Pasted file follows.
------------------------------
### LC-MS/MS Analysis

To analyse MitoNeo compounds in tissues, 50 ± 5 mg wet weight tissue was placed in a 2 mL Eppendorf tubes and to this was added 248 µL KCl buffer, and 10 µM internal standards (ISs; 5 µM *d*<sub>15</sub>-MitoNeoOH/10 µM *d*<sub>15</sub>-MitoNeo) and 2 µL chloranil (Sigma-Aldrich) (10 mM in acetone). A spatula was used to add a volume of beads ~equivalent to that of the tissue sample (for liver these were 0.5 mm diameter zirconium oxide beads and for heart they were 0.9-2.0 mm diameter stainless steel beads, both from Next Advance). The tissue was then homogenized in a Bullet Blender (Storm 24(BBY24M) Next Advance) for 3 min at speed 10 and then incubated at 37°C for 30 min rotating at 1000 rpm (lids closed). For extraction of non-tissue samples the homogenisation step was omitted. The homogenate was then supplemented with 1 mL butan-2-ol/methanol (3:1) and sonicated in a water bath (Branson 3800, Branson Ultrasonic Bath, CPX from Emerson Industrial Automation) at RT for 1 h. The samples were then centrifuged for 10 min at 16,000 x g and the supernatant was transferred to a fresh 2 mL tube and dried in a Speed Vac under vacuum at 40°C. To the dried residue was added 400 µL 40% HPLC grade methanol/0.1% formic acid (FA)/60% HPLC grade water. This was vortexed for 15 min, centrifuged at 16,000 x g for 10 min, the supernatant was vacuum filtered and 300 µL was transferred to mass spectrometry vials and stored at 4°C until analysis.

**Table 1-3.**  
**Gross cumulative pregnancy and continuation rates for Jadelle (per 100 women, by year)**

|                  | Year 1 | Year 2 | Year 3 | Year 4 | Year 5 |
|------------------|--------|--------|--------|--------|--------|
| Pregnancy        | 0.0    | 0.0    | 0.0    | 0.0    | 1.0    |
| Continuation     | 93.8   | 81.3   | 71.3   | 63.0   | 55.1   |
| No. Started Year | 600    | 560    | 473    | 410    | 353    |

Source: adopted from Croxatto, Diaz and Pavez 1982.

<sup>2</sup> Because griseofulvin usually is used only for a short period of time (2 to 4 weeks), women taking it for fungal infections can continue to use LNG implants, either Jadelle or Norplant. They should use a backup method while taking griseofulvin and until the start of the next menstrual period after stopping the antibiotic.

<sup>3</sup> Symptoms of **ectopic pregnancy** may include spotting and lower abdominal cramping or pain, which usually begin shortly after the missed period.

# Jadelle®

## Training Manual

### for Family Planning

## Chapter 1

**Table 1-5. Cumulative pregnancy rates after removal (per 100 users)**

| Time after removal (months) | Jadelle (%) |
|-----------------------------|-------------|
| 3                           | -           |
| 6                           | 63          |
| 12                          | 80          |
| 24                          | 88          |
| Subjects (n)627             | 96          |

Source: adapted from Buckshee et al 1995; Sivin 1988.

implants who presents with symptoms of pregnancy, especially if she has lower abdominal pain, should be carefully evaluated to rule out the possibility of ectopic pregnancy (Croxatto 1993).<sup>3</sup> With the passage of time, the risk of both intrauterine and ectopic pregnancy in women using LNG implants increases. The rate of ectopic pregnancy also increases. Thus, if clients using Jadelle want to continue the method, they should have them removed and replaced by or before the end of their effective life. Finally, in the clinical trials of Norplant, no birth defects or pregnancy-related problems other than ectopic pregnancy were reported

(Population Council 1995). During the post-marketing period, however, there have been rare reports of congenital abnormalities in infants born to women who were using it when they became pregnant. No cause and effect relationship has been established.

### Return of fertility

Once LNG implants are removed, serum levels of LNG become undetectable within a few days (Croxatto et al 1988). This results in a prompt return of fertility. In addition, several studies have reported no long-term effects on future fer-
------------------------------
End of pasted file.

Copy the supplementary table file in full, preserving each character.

### LC-MS/MS Analysis

To analyse MitoNeo compounds in tissues, 50 ± 5 mg wet weight tissue was placed in a 2 mL Eppendorf tubes and to this was added 248 µL KCl buffer, and 10 µM internal standards (ISs; 5 µM *d*<sub>15</sub>-MitoNeoOH/10 µM *d*<sub>15</sub>-MitoNeo) and 2 µL chloranil (Sigma-Aldrich) (10 mM in acetone). A spatula was used to add a volume of beads ~equivalent to that of the tissue sample (for liver these were 0.5 mm diameter zirconium oxide beads and for heart they were 0.9-2.0 mm diameter stainless steel beads, both from Next Advance). The tissue was then homogenized in a Bullet Blender (Storm 24(BBY24M) Next Advance) for 3 min at speed 10 and then incubated at 37°C for 30 min rotating at 1000 rpm (lids closed). For extraction of non-tissue samples the homogenisation step was omitted. The homogenate was then supplemented with 1 mL butan-2-ol/methanol (3:1) and sonicated in a water bath (Branson 3800, Branson Ultrasonic Bath, CPX from Emerson Industrial Automation) at RT for 1 h. The samples were then centrifuged for 10 min at 16,000 x g and the supernatant was transferred to a fresh 2 mL tube and dried in a Speed Vac under vacuum at 40°C. To the dried residue was added 400 µL 40% HPLC grade methanol/0.1% formic acid (FA)/60% HPLC grade water. This was vortexed for 15 min, centrifuged at 16,000 x g for 10 min, the supernatant was vacuum filtered and 300 µL was transferred to mass spectrometry vials and stored at 4°C until analysis.

**Table 1-3.**  
**Gross cumulative pregnancy and continuation rates for Jadelle (per 100 women, by year)**

|                  | Year 1 | Year 2 | Year 3 | Year 4 | Year 5 |
|------------------|--------|--------|--------|--------|--------|
| Pregnancy        | 0.0    | 0.0    | 0.0    | 0.0    | 1.0    |
| Continuation     | 93.8   | 81.3   | 71.3   | 63.0   | 55.1   |
| No. Started Year | 600    | 560    | 473    | 410    | 353    |

Source: adopted from Croxatto, Diaz and Pavez 1982.

<sup>2</sup> Because griseofulvin usually is used only for a short period of time (2 to 4 weeks), women taking it for fungal infections can continue to use LNG implants, either Jadelle or Norplant. They should use a backup method while taking griseofulvin and until the start of the next menstrual period after stopping the antibiotic.

<sup>3</sup> Symptoms of **ectopic pregnancy** may include spotting and lower abdominal cramping or pain, which usually begin shortly after the missed period.

# Jadelle®

## Training Manual

### for Family Planning

## Chapter 1

**Table 1-5. Cumulative pregnancy rates after removal (per 100 users)**

| Time after removal (months) | Jadelle (%) |
|-----------------------------|-------------|
| 3                           | -           |
| 6                           | 63          |
| 12                          | 80          |
| 24                          | 88          |
| Subjects (n)627             | 96          |

Source: adapted from Buckshee et al 1995; Sivin 1988.

implants who presents with symptoms of pregnancy, especially if she has lower abdominal pain, should be carefully evaluated to rule out the possibility of ectopic pregnancy (Croxatto 1993).<sup>3</sup> With the passage of time, the risk of both intrauterine and ectopic pregnancy in women using LNG implants increases. The rate of ectopic pregnancy also increases. Thus, if clients using Jadelle want to continue the method, they should have them removed and replaced by or before the end of their effective life. Finally, in the clinical trials of Norplant, no birth defects or pregnancy-related problems other than ectopic pregnancy were reported

(Population Council 1995). During the post-marketing period, however, there have been rare reports of congenital abnormalities in infants born to women who were using it when they became pregnant. No cause and effect relationship has been established.

### Return of fertility

Once LNG implants are removed, serum levels of LNG become undetectable within a few days (Croxatto et al 1988). This results in a prompt return of fertility. In addition, several studies have reported no long-term effects on future fer-